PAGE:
Tuesday, May 15, 2012

Do I Ever Lacrosse Your Mind?

I went to my first lacrosse game last month. A friend of mine is on his high school varsity team, so despite having no experience with or knowledge about the sport, I went to see him play.

This was my reaction moments into the game: It's a bunch of boys running around a field hitting each other with sticks. ... No wonder they like it!

This was followed by much confusion as to how in the world the game is actually played. I understood that the goal of the game is to get a goal, but some of the things that went on while the players were trying to get a goal were confusing to a lacrosse newbie like myself.

Take the face-off thing that happens at the beginning of quarters, after goals, and maybe at some other (not) random times. These two guys are crouched down all intense, ready to fight over the ball, with some other players stationed at various distances away. The whistle blows, they start grappling for ball control, and the other players dash in. One team gets the ball, and suddenly one of the guys that was hell-bent on getting to that face-off turns around and runs off the field. Just runs right off the field!

Tell me how that makes sense (and I don't want to hear sensible things about how lacrosse has specialized positions, and some players are better at offense or defense, and one player runs off the field so another can take his place. That's beside the point).

I also couldn't see any rhyme or reason as to which team got the ball after it went out of bounds. And why were players from both teams running after it holding out their sticks? More confusion.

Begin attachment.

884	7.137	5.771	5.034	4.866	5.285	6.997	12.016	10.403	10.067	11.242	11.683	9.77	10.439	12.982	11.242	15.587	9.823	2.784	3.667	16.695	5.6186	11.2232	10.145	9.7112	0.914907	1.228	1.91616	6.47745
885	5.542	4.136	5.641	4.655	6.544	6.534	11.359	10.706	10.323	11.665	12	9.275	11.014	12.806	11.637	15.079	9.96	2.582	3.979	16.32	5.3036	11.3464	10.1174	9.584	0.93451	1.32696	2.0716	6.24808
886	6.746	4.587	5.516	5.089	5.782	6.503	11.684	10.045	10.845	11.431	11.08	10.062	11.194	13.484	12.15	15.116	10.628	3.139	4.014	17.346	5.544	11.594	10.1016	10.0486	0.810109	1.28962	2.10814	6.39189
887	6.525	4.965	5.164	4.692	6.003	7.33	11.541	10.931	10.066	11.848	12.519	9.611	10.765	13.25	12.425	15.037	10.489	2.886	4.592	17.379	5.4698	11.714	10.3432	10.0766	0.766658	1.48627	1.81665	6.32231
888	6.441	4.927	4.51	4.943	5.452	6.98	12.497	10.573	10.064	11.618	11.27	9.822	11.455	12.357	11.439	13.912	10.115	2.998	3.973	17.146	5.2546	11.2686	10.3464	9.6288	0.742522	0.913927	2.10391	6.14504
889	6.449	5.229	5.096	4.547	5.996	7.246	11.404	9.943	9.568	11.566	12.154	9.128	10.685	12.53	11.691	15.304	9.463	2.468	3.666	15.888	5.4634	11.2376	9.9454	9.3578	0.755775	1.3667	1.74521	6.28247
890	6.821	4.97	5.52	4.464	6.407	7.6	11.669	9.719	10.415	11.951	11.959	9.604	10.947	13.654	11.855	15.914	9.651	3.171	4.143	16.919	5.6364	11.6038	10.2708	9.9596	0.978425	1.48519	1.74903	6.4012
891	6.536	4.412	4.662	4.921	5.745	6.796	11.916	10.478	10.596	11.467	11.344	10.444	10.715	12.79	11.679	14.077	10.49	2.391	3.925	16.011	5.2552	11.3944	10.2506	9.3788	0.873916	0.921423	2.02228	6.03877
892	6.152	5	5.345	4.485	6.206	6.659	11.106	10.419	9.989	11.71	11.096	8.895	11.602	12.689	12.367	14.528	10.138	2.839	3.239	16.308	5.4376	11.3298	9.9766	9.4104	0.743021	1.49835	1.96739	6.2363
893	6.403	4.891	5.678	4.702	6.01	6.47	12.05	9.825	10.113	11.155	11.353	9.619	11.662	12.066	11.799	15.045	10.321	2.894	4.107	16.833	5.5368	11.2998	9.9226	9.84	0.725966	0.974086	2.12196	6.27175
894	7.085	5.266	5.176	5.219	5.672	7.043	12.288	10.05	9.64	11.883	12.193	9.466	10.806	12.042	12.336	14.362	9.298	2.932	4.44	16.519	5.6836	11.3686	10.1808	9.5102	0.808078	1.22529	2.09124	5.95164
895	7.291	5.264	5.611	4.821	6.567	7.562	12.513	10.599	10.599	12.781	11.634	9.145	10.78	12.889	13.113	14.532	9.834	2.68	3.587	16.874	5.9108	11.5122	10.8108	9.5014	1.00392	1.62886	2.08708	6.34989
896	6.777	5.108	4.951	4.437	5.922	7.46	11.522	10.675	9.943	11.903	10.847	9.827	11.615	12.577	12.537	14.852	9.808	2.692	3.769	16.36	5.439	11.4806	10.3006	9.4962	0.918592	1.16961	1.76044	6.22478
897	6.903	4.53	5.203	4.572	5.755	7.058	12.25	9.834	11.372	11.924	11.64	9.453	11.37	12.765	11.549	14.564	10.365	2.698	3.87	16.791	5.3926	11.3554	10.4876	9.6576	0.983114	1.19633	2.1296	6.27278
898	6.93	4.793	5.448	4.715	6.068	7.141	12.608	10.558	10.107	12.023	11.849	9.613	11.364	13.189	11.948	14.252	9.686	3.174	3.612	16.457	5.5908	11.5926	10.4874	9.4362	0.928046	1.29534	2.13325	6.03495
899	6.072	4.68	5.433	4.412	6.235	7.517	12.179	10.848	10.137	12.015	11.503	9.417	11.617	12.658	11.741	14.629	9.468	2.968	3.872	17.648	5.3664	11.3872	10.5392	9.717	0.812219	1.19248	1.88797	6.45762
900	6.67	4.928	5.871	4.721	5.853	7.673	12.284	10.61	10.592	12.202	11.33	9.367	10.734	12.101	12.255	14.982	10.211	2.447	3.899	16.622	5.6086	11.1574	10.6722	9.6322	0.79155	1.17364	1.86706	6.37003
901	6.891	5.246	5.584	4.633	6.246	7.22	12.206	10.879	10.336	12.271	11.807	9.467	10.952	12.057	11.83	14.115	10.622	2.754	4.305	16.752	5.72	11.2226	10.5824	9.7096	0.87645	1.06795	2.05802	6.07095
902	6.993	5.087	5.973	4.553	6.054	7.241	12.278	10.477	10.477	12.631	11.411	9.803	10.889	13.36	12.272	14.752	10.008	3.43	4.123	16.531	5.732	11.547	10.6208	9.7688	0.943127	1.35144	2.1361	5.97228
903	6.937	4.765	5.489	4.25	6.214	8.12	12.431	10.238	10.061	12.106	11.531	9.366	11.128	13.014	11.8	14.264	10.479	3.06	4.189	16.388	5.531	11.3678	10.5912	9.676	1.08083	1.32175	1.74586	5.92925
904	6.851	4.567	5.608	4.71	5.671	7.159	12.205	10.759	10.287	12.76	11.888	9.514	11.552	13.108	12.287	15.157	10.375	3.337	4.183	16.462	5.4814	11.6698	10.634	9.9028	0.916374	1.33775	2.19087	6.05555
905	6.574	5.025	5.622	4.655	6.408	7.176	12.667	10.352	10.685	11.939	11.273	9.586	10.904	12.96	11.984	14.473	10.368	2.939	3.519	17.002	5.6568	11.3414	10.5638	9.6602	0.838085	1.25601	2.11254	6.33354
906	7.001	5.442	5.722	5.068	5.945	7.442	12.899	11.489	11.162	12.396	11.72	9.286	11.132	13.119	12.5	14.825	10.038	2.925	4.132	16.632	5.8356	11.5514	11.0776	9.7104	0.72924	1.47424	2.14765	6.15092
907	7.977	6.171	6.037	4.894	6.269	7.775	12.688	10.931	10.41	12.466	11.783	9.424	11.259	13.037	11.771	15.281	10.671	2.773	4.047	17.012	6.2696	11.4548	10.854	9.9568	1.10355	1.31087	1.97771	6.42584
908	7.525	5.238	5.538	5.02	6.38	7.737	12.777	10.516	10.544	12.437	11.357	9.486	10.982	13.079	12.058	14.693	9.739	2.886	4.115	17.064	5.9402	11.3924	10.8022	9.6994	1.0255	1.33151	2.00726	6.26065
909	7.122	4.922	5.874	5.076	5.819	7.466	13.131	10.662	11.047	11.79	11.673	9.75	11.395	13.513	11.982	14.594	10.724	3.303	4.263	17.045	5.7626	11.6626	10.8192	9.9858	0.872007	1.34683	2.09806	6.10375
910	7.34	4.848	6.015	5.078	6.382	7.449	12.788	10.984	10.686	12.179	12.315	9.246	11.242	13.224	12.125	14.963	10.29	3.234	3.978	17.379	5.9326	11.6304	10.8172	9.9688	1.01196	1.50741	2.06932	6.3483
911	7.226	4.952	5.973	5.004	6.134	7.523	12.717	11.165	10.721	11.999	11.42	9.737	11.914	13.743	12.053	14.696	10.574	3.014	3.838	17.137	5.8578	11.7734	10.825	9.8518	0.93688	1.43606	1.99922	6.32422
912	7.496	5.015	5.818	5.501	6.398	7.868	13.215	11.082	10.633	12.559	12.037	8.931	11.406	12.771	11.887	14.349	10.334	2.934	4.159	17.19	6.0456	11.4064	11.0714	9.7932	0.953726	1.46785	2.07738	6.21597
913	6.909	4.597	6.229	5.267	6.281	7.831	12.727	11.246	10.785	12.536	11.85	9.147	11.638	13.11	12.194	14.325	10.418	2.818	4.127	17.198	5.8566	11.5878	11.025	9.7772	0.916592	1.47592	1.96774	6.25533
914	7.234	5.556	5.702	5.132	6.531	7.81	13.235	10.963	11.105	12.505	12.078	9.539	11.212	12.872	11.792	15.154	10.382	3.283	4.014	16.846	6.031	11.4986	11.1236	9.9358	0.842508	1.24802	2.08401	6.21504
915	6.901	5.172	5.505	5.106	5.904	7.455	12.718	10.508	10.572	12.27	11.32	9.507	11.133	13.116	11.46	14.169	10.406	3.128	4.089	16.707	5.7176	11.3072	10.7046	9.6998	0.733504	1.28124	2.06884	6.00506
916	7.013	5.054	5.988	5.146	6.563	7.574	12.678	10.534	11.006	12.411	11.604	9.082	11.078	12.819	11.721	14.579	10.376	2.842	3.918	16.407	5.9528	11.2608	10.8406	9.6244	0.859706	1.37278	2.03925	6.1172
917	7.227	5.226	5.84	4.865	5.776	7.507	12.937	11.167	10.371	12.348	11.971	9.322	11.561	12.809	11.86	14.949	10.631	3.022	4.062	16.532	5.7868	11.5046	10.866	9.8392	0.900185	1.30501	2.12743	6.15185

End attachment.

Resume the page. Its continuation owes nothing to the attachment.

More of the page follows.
My friend's team won that game, which was cool, but I decided I needed a little help before I went to another. So I went to my ever-helpful local library and checked out "Lacrosse for Dummies (2nd Edition)."

It was quite informative. I was excited to learn the official name for the stick thing that the players use to throw, catch, and carry the ball. It's called (wait for it) a stick. And when the players run after the ball holding their sticks out as it goes out of bound? That's because sometimes, the team closest to the ball when it goes out gains possession of it when play resumes.

I went to another one of my friend's games this month. Even though they didn't do so well, I was able to understand the gameplay a little more thanks to the "Dummies" book.

Maybe if he plays next year I'll actually read more than just the first four chapters.

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